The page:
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An Economic Theory of Foreign Interventions and Regime Change

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  • Roberto Bonfatti

Abstract

I construct a theory of foreign interventions in which the political preferences of the foreign country are determined by its different economic ties with alternative local groups.� Stronger economic ties make a group more influenceable from the outside, and thus more willing to grant economic and geopolitical concessions to the foreign country.� In the model, foreign interventions in favor of the most influenceable group are counterweighted by a natural tendency of the home country's political system to bring to power the least influenceable group.� While the foreign country can use its economic power to influence the geopolitical alignment of the home country, the outcome of this endeavor may be compromised by regime change.� In particular, when concessions to the foreign country cannot be renegotiated efficiently (possibly because of reputational concerns in the foreign country), regime change may lead to a loss of geopolitical alignment, even if all groups are ex-ante identical in terms of their geopolitical preferences.� These results may help interpret the pattern of Western interventions in the 20th century, as well as the role of economic nationalism in the political economy of regime change.� In particular, they may help understand the role of the Cold War in strengthening the West's preference for the status quo in many countries.� I provide historical evidence in favor of my arguments.

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Bibliographic Info

Paper provided by University of Oxford, Department of Economics in its series Economics Series Working Papers with number 549.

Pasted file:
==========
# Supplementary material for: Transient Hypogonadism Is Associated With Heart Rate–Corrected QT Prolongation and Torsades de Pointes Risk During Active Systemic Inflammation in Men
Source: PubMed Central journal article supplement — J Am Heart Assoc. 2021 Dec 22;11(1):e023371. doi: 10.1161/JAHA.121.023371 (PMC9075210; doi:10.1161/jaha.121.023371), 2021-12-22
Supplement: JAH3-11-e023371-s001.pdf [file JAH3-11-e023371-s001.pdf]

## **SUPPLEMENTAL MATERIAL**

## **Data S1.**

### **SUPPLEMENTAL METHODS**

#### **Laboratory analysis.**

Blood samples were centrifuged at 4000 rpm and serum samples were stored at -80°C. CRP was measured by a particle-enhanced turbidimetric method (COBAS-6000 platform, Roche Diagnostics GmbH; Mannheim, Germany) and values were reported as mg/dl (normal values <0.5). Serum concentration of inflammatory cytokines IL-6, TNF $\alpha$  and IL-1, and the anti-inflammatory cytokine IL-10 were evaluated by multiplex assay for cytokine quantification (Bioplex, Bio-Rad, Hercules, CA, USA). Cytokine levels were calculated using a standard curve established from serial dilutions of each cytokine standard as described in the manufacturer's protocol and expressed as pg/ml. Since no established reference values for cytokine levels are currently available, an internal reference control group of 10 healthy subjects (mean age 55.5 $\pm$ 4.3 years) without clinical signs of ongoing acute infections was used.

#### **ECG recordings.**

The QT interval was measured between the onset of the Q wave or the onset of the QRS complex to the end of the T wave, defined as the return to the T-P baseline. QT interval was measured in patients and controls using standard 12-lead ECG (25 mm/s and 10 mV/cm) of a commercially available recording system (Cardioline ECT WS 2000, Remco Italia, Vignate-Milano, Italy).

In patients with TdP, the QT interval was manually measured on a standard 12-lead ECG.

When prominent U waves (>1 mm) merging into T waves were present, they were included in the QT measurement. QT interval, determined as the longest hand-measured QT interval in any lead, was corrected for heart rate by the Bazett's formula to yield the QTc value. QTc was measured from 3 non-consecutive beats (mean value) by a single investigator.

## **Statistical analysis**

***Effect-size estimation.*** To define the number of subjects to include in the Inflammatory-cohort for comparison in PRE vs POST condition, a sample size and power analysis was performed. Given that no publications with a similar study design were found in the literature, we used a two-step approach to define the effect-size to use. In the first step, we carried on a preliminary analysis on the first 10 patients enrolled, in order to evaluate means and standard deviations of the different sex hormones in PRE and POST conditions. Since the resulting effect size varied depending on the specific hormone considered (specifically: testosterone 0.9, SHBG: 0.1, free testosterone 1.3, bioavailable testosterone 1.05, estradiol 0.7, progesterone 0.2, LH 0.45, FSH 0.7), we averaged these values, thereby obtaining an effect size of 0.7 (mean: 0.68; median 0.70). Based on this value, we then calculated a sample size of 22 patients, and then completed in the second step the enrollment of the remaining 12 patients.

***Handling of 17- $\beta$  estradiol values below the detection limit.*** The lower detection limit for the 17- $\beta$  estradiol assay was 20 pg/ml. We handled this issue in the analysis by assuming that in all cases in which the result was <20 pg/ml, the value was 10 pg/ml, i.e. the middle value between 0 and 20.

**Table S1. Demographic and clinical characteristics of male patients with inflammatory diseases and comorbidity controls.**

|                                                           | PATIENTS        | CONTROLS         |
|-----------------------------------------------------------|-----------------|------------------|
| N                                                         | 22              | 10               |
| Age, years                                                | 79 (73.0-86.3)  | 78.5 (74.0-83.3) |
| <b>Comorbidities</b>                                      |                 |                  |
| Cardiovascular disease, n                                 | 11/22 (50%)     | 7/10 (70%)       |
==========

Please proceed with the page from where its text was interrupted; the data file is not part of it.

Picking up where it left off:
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Date of creation: 01 Apr 2011
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Handle: RePEc:oxf:wpaper:549

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Keywords: Regime change; Foreign interventions; Economic power; Economic nationalism; Cold War; Latin America;

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  1. Ticchi, Davide & Vindigni, Andrea, 2007. "War and endogenous democracy," POLIS Working Papers 97, Institute of Public Policy and Public Choice - POLIS.
  2. William Easterly & Shanker Satyanath & Daniel Berger, 2008. "Superpower Interventions and their Consequences for Democracy: An Empirical Inquiry," NBER Working Papers 13992, National Bureau of Economic Research, Inc.
  3. Kreps, David M & Wilson, Robert, 1982. "Sequential Equilibria," Econometrica, Econometric Society, vol. 50(4), pages 863-94, July.
  4. Alessandro Lizzeri & Nicola Persico, 2004. "Why Did the Elites Extend the Suffrage? Democracy and the Scope of Government, With an Application to Britain's "Age of Reform"," The Quarterly Journal of Economics, MIT Press, vol. 119(2), pages 705-763, May.
  5. Berger, Daniel & Easterly, William & Nunn, Nathan & Satyanath, Shanker, 2013. "Commercial Imperialism? Political Influence and Trade during the Cold War," Scholarly Articles 11986334, Harvard University Department of Economics.
  6. Arindrajit Dube & Ethan Kaplan & Suresh Naidu, 2011. "Coups, Corporations, and Classified Information," The Quarterly Journal of Economics, Oxford University Press, vol. 126(3), pages 1375-1409.
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Cited by:
  1. Aidt, Toke & Albornoz, Facundo & Gassebner, Martin, 2010. "The Golden Halo and Political Transitions," Proceedings of the German Development Economics Conference, Hannover 2010 48, Verein für Socialpolitik, Research Committee Development Economics.
  2. Toke Aidt & Uk Hwang, 2014. "To Ban or Not to Ban: Foreign Lobbying and Cross National Externalities," Cambridge Working Papers in Economics 1402, Faculty of Economics, University of Cambridge.

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